One of the hopefuls, a very beautiful damsel, legend has it, visited Odia’s house and discovered that there was no place to sit down. Books lined the walls from floor to ceiling. Even the settees were taken over by dog-eared tomes. She wisely understood that she had no future in such bohemian settings.
Odia is an epitome of self-discipline. Perhaps he got some of that from our political master Obafemi Awolowo. He does not touch alcohol. Wherever we go, he will only drink water. He does not smoke. He is also a vegetarian. It was from him I learned that even your diet can affect your intellectual output and your level of spiritual vibration. But I cannot lie to you, women worship Odia Ofeimun. As a poet, I suppose he cannot afford the luxury of not reciprocating the kindness.
I am currently reading one of the classic Bildungsroman of German literature, Eckermann’s Conversations with Goethe. It is evident that great poets have a deeply romantic streak. Great poets must always have a muse – that one woman to whom they can pour out their very soul. In the case of Odia, I do not have the privilege of knowing who his muse is.
There is something that happened long ago that I have never revealed. During his last days at Oxford, Odia was invited to read some of his poetry in Italy. I have forgotten which city it was – perhaps Rome or Torino or Trieste or Milano. On his way back, something went wrong. British immigration rules prevented anyone from entering Britain with a passport that has not less than two weeks to expire. Absent-minded poet that he was, Odia forgot that his passport had barely 10 days to expire. He was turned back at Heathrow Airport. He had to go back to Nigeria, leaving his flat in Oxford, with all his books and personal effects.
The part of the story we never told him was that the late Tajudeen Abdurrahim and myself had to break into the flat and pack up all his books and personal effects for safekeeping. Because we were indigent students, we could not hire a taxi to help us convey the personal effects. We had to get some sacks, with Taju holding one end and me the other, dragging the things through Corn Market Street, into a storage at St. Antony’s College. Taju is now late, but the memory of him and me dragging Odia’s things through the streets of Oxford like miserable tramps still fills me with laughter!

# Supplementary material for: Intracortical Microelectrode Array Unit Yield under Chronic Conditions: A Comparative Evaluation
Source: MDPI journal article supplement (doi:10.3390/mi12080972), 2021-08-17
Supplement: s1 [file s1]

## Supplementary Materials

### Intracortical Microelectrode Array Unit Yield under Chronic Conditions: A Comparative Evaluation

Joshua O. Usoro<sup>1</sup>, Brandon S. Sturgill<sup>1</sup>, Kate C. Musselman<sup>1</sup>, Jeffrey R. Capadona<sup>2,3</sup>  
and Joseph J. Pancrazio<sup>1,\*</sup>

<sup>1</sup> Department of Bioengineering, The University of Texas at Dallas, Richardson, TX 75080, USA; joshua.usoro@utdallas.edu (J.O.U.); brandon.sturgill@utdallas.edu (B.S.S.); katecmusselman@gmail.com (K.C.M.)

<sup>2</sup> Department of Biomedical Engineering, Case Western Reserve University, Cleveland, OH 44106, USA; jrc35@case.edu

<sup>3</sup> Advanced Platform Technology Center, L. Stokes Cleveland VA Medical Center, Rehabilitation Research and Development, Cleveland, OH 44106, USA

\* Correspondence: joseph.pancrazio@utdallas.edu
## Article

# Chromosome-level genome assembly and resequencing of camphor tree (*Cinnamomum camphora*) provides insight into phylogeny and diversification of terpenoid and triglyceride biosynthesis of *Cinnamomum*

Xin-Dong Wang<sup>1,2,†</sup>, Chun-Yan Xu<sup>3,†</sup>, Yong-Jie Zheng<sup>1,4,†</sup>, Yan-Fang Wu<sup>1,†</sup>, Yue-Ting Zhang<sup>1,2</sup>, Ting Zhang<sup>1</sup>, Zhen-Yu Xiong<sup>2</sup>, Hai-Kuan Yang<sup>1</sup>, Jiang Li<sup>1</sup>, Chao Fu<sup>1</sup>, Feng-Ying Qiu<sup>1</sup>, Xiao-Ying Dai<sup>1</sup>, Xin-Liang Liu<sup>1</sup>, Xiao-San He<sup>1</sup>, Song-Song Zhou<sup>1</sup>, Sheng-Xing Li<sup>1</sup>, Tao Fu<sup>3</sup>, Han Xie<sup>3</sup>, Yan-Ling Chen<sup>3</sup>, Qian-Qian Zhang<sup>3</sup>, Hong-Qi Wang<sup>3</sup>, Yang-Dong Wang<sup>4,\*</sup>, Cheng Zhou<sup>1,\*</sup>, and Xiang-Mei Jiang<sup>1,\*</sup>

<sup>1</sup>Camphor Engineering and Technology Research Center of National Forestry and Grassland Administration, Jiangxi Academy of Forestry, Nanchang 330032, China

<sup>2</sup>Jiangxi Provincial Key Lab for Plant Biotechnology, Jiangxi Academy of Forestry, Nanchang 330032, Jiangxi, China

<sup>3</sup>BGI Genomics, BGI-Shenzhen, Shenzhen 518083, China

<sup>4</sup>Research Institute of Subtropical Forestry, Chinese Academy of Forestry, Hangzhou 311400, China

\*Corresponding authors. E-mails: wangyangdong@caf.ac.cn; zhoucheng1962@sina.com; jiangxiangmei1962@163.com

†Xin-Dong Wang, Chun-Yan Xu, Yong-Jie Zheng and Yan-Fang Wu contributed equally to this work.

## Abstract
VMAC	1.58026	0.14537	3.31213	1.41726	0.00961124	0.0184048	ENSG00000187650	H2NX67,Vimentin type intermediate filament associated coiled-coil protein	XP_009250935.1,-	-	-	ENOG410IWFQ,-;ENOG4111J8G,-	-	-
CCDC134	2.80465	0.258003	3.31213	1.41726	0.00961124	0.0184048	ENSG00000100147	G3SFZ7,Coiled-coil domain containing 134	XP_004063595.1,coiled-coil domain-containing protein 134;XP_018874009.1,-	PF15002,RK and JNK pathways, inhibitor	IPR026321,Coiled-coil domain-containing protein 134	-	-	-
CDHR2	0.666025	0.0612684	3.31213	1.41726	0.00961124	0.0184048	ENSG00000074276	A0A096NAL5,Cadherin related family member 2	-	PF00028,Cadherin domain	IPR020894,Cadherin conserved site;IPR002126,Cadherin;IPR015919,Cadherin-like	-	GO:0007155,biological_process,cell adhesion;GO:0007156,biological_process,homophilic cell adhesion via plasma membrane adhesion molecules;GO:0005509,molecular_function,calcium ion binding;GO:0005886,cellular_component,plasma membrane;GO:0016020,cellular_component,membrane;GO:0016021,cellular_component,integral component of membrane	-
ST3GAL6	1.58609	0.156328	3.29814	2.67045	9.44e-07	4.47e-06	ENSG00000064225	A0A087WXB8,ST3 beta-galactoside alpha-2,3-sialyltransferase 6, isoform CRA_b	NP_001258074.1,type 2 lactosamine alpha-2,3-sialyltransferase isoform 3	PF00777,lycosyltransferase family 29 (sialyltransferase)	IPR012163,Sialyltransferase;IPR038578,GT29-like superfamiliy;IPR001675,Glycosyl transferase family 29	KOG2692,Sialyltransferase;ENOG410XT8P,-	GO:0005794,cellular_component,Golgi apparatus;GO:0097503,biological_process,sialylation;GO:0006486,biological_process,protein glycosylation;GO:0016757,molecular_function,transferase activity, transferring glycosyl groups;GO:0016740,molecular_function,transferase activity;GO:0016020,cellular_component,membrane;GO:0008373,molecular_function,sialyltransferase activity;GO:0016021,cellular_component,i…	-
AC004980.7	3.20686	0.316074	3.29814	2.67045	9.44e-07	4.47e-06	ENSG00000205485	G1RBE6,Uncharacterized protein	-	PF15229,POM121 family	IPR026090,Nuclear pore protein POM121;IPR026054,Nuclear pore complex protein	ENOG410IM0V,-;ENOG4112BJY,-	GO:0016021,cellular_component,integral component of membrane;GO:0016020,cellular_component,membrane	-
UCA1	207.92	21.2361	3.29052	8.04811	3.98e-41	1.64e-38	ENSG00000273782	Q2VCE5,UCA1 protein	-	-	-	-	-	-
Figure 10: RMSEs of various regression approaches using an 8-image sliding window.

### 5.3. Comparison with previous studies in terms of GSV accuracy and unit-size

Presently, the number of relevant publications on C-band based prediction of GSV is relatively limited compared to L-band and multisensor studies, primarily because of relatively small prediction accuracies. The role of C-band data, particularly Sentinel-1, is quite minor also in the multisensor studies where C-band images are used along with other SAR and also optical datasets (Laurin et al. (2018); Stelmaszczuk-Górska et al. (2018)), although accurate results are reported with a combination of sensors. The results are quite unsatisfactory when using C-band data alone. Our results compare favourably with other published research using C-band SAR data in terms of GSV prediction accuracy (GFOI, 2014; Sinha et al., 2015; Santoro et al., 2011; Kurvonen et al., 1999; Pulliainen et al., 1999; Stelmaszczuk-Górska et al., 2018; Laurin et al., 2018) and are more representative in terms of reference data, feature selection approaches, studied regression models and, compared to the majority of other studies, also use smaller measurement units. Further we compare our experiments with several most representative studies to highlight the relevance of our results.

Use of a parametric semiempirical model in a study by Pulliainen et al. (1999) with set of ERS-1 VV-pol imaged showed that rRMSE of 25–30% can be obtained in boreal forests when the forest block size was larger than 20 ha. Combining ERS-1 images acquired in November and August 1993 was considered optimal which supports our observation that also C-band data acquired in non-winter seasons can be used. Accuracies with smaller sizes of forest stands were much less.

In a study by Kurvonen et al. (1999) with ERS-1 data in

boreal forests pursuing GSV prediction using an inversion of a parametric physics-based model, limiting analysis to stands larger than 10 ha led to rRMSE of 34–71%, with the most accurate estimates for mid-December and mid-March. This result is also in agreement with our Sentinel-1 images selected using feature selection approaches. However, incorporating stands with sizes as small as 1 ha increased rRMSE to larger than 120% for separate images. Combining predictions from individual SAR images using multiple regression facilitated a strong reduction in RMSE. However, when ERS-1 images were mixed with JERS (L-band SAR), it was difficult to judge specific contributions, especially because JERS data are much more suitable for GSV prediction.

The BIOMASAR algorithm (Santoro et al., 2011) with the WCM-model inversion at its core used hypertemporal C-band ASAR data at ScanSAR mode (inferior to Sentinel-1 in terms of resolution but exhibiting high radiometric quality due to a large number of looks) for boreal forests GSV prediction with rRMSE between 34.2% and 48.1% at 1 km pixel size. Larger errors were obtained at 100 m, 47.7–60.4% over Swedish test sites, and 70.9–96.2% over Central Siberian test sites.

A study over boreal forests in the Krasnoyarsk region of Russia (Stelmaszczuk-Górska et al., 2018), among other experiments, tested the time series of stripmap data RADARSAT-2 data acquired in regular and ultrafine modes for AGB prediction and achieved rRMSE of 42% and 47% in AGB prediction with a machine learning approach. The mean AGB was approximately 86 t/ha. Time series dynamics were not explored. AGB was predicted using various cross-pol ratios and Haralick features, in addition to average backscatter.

Odia will forever be the vagrant poet. He once turned up at Abuja airport from Lagos, only to realise that he had forgotten his purse at home and had no money even to get himself into town. Odia’s wealth cannot be quantified in bricks and mortar or in terms of investments in blue chip companies. His wealth is in the immortal songs that have sprung from his pen and the many he has inspired to achieve great things in life. I am one of his mentees.
The Greek philosopher Socrates believed that poets are inspired by “a kind of instinct or inspiration, such as you find in seers and prophets who deliver all their sublime messages without knowing in the least what they mean”. Perhaps it was for this reason that Plato advocated the outright banning of all poets from his ideal republic. Plato was, of course, a fascist. In our age of violent extremes, poetry civilises and humanises.
Poetry lifts us above the banal and the commonplace towards the sublime and transcendent; towards truth, goodness and beauty – towards the eternal. The wealth of a nation can never be measured by GDP or by other economic and financial indices alone. It must also take account of the quality of the people; and their largeness of heart and mind.
In our age of crass philistinism, the barbarians currently ruling us are incapable of appreciating poetry or valorising the greatness of a writer. Great nations like France or Brazil would have used the likes of Soyinka or Odia as cultural ambassadors for their country. But they sadly will never. Happy birthday, Odia di Great!